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1 January 2016 Diverse Rotations and Optimal Cultural Practices Control Wild Oat (Avena fatua)
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In western Canada, more money is spent on wild oat herbicides than on any other weed species, and wild oat resistance to herbicides is the most widespread resistance issue. A direct-seeded field experiment was conducted from 2010 to 2014 at eight Canadian sites to determine crop life cycle, crop species, crop seeding rate, crop usage, and herbicide rate combination effects on wild oat management and canola yield. Combining 2× seeding rates of early-cut barley silage with 2× seeding rates of winter cereals and excluding wild oat herbicides for 3 of 5 yr (2011 to 2013) often led to similar wild oat density, aboveground wild oat biomass, wild oat seed density in the soil, and canola yield as a repeated canola–wheat rotation under a full wild oat herbicide rate regime. Wild oat was similarly well managed after 3 yr of perennial alfalfa without wild oat herbicides. Forgoing wild oat herbicides in only 2 of 5 yr from exclusively summer annual crop rotations resulted in higher wild oat density, biomass, and seed banks. Management systems that effectively combine diverse and optimal cultural practices against weeds, and limit herbicide use, reduce selection pressure for weed resistance to herbicides and prolong the utility of threatened herbicide tools.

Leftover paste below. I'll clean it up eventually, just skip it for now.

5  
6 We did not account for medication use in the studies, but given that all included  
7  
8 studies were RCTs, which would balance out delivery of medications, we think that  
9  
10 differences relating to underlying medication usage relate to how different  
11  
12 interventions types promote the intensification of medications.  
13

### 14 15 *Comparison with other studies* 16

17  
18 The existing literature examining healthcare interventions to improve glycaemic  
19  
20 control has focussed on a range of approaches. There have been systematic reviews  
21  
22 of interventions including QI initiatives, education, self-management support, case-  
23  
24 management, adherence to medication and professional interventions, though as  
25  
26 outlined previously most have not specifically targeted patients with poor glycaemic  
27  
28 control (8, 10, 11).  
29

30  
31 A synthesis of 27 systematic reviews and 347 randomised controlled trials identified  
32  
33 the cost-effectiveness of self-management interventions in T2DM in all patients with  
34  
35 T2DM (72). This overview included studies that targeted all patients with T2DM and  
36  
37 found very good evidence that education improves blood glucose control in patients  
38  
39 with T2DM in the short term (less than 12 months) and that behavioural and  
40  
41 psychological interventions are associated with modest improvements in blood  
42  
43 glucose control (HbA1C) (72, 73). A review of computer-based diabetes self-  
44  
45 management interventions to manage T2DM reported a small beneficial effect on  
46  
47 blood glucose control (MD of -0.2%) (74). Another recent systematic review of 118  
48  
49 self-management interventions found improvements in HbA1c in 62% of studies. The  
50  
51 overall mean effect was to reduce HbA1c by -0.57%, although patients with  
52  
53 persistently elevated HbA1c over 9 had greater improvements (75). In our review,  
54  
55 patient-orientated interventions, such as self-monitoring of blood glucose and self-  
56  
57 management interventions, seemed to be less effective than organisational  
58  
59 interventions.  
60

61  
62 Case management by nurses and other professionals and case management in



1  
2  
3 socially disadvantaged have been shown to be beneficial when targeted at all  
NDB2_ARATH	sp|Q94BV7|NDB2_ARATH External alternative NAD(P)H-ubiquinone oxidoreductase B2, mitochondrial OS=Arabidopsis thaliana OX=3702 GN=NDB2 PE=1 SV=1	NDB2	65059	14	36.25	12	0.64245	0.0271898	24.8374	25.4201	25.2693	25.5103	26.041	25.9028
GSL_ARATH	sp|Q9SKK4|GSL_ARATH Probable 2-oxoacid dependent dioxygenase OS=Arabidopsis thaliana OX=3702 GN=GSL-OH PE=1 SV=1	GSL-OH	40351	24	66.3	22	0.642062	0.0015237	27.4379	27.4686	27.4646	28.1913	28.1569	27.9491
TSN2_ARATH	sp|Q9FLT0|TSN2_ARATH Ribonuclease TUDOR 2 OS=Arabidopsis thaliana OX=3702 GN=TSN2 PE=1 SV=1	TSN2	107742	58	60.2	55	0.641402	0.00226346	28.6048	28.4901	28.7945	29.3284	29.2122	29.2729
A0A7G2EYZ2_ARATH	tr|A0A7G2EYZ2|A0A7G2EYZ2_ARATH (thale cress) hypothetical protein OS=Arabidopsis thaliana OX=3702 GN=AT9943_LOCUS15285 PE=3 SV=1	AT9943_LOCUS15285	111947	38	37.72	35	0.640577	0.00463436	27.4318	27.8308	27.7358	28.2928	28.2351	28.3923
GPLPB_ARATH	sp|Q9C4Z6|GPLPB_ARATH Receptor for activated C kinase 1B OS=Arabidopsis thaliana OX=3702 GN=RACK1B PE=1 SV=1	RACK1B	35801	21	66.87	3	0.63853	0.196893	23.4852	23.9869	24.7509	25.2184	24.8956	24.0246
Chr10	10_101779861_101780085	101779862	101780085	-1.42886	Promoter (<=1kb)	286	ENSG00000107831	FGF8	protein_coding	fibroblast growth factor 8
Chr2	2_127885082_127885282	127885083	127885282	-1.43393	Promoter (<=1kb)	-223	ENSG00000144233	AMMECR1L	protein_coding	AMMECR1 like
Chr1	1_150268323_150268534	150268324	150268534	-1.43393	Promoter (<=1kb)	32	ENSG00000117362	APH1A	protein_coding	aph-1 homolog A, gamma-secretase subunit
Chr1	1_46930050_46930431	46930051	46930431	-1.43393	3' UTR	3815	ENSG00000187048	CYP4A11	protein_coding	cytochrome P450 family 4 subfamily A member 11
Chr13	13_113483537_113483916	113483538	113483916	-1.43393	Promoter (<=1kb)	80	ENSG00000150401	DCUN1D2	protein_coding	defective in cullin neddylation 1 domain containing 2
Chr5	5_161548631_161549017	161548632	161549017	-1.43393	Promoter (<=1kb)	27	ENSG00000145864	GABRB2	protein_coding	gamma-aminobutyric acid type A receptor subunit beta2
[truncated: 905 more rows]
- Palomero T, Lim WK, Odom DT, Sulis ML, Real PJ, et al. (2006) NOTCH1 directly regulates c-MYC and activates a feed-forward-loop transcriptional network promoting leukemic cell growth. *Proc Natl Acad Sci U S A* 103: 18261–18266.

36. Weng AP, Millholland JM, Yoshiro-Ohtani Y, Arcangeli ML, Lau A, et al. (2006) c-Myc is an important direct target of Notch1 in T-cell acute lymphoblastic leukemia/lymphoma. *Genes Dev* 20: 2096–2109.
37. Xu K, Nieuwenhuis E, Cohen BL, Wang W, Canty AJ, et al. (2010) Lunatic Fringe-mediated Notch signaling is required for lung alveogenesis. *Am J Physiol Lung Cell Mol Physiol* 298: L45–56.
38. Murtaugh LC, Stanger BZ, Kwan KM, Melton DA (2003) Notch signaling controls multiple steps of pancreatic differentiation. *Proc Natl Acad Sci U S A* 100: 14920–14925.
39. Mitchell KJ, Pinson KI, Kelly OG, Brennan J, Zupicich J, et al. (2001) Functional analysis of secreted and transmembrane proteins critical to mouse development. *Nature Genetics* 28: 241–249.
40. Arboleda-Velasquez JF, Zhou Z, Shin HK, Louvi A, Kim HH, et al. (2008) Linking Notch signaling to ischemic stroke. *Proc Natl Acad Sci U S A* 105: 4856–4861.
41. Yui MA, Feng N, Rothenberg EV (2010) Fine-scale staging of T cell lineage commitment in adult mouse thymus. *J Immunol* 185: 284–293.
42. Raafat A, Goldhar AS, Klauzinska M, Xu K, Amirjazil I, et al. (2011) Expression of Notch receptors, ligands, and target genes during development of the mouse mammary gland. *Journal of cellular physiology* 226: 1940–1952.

Nomenclature: Wild oat, Avena fatua L.; alfalfa, Medicago sativa L.; barley, Hordeum vulgare L.; canola, Brassica napus L.; wheat, Triticum aestivum L.

© 2016 Weed Science Society of America
Received: 31 July 2015; Accepted: 1 September 2015; Published: 1 January 2016

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